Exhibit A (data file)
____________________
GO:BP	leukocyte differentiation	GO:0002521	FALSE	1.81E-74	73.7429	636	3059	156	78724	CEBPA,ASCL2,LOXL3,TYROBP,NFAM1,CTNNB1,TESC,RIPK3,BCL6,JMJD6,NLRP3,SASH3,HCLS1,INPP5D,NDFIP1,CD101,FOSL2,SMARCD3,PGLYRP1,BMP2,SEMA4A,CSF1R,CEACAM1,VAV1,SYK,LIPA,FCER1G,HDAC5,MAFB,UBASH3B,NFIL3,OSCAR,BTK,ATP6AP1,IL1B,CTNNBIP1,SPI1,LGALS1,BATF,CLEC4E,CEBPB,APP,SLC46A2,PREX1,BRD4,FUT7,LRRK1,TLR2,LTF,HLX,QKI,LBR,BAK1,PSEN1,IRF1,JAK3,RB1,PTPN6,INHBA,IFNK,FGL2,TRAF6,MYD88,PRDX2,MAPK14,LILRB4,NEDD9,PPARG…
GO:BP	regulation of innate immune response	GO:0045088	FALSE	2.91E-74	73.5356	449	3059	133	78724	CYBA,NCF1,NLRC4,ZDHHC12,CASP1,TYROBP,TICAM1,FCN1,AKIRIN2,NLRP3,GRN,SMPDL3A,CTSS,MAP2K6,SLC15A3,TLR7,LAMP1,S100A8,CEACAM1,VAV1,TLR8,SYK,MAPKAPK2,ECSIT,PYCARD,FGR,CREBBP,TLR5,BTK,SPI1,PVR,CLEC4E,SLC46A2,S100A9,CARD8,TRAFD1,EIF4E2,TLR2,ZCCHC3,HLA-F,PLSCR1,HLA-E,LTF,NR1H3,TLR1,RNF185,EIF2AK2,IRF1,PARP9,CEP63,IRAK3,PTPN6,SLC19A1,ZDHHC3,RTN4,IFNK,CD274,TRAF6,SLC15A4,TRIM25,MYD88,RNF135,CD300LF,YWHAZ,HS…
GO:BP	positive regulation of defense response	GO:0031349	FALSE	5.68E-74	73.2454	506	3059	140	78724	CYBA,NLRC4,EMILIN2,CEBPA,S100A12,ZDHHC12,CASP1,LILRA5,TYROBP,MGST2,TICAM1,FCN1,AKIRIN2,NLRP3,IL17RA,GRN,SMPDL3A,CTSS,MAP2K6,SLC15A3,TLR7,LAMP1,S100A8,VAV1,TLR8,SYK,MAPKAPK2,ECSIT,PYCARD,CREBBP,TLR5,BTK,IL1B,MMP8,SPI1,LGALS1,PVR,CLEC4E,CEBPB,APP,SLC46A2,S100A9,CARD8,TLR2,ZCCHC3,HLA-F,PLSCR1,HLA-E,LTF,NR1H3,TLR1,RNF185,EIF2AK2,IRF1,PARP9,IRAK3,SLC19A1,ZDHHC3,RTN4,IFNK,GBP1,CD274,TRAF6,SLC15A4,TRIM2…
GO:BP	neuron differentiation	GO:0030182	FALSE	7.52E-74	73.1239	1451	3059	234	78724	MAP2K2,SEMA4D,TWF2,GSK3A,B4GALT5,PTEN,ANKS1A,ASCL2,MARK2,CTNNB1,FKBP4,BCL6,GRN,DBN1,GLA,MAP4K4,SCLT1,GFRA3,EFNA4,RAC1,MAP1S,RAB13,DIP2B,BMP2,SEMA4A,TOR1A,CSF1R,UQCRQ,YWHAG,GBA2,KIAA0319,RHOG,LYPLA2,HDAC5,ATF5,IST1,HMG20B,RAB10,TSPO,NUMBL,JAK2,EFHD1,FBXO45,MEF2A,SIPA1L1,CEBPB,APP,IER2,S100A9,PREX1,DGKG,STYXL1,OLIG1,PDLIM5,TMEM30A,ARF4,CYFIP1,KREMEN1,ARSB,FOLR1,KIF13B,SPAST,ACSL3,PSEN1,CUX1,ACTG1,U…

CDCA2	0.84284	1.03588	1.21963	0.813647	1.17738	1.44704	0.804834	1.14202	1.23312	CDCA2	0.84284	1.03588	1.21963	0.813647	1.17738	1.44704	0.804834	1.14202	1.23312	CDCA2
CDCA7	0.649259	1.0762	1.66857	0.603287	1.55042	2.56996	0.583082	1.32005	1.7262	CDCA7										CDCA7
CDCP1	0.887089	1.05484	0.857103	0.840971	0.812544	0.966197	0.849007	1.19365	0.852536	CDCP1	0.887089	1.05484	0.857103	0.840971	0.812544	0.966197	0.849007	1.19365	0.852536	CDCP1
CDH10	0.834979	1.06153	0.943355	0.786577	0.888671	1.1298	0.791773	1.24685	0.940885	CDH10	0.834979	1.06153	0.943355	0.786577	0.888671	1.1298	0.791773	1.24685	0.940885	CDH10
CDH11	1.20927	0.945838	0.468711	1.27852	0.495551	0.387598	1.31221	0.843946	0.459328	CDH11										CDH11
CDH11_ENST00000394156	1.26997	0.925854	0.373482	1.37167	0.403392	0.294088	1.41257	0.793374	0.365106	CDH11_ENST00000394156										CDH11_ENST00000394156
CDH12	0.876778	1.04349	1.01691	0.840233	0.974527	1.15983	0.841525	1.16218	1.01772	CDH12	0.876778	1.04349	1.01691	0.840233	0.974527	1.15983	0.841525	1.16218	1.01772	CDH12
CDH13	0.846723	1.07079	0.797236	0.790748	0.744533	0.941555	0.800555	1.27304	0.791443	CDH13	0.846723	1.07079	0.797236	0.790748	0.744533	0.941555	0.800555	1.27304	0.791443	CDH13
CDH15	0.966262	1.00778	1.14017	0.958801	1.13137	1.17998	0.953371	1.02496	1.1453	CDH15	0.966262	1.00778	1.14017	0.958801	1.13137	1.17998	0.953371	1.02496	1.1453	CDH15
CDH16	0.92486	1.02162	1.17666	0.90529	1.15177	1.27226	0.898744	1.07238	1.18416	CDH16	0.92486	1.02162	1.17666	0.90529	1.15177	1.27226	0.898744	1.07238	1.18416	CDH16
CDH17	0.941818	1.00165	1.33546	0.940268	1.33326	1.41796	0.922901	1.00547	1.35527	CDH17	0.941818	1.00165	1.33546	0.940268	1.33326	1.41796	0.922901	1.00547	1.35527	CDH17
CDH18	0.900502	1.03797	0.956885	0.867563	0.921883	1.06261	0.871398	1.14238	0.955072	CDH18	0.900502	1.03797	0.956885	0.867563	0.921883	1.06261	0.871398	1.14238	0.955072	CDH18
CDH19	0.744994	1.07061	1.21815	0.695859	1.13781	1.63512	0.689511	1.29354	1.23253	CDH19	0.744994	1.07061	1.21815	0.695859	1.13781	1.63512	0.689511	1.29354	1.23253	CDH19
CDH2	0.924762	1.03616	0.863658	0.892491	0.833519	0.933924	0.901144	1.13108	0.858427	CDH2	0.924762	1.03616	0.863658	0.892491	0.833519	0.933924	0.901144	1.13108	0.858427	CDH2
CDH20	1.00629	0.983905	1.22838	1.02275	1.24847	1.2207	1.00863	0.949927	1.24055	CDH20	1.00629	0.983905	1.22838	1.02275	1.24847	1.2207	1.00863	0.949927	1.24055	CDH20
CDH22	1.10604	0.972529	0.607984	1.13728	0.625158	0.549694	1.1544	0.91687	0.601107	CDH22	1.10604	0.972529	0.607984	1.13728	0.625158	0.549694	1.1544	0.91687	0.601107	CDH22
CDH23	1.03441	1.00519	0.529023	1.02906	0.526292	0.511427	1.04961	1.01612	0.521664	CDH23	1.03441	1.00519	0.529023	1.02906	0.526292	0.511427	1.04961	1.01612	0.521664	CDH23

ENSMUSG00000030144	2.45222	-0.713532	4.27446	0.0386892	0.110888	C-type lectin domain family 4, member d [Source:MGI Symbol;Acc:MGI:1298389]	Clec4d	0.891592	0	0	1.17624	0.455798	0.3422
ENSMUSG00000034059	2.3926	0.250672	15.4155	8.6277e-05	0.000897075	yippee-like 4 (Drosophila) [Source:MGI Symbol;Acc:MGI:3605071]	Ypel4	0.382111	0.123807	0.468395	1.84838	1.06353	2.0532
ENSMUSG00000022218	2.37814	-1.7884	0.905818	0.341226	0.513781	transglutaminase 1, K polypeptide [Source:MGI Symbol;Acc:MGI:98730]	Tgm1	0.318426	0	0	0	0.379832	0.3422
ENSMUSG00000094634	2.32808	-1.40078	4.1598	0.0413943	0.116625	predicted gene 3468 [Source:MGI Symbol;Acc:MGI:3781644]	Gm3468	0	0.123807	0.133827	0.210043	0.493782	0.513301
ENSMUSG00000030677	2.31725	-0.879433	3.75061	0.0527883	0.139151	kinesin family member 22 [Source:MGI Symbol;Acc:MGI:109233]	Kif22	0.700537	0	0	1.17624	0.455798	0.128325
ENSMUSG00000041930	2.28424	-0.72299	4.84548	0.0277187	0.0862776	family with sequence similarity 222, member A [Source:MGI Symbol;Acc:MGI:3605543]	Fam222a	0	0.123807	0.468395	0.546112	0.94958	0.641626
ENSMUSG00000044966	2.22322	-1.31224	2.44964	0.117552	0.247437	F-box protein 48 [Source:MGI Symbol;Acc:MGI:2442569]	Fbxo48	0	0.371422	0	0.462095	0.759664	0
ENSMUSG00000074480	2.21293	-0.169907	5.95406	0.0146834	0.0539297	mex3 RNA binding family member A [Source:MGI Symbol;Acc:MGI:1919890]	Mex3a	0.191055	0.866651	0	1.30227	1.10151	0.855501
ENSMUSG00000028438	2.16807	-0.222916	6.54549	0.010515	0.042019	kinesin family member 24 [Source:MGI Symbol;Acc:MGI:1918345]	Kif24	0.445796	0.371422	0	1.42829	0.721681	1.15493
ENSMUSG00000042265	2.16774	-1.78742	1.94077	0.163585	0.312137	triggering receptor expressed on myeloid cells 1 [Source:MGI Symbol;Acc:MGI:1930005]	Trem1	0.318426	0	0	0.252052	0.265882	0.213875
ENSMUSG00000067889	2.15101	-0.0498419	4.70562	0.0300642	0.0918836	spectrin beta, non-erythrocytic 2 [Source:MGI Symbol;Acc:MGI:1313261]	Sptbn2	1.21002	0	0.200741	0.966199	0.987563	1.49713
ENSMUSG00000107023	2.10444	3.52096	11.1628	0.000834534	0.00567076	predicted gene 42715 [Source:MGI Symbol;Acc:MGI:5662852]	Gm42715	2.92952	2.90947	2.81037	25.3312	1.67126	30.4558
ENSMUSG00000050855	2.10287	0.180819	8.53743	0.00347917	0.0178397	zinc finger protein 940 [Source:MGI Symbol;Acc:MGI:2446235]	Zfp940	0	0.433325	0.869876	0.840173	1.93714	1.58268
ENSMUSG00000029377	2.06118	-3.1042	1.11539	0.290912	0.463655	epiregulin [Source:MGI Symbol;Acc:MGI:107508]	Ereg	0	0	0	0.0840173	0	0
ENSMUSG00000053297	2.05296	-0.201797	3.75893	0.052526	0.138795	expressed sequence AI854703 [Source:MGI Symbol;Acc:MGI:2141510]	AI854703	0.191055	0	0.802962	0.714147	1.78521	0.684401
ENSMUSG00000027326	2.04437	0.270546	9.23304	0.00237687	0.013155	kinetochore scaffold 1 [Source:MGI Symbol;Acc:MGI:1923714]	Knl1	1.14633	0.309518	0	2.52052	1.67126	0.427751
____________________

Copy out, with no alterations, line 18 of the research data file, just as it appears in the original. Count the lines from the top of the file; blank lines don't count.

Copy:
CDH2	0.924762	1.03616	0.863658	0.892491	0.833519	0.933924	0.901144	1.13108	0.858427	CDH2	0.924762	1.03616	0.863658	0.892491	0.833519	0.933924	0.901144	1.13108	0.858427	CDH2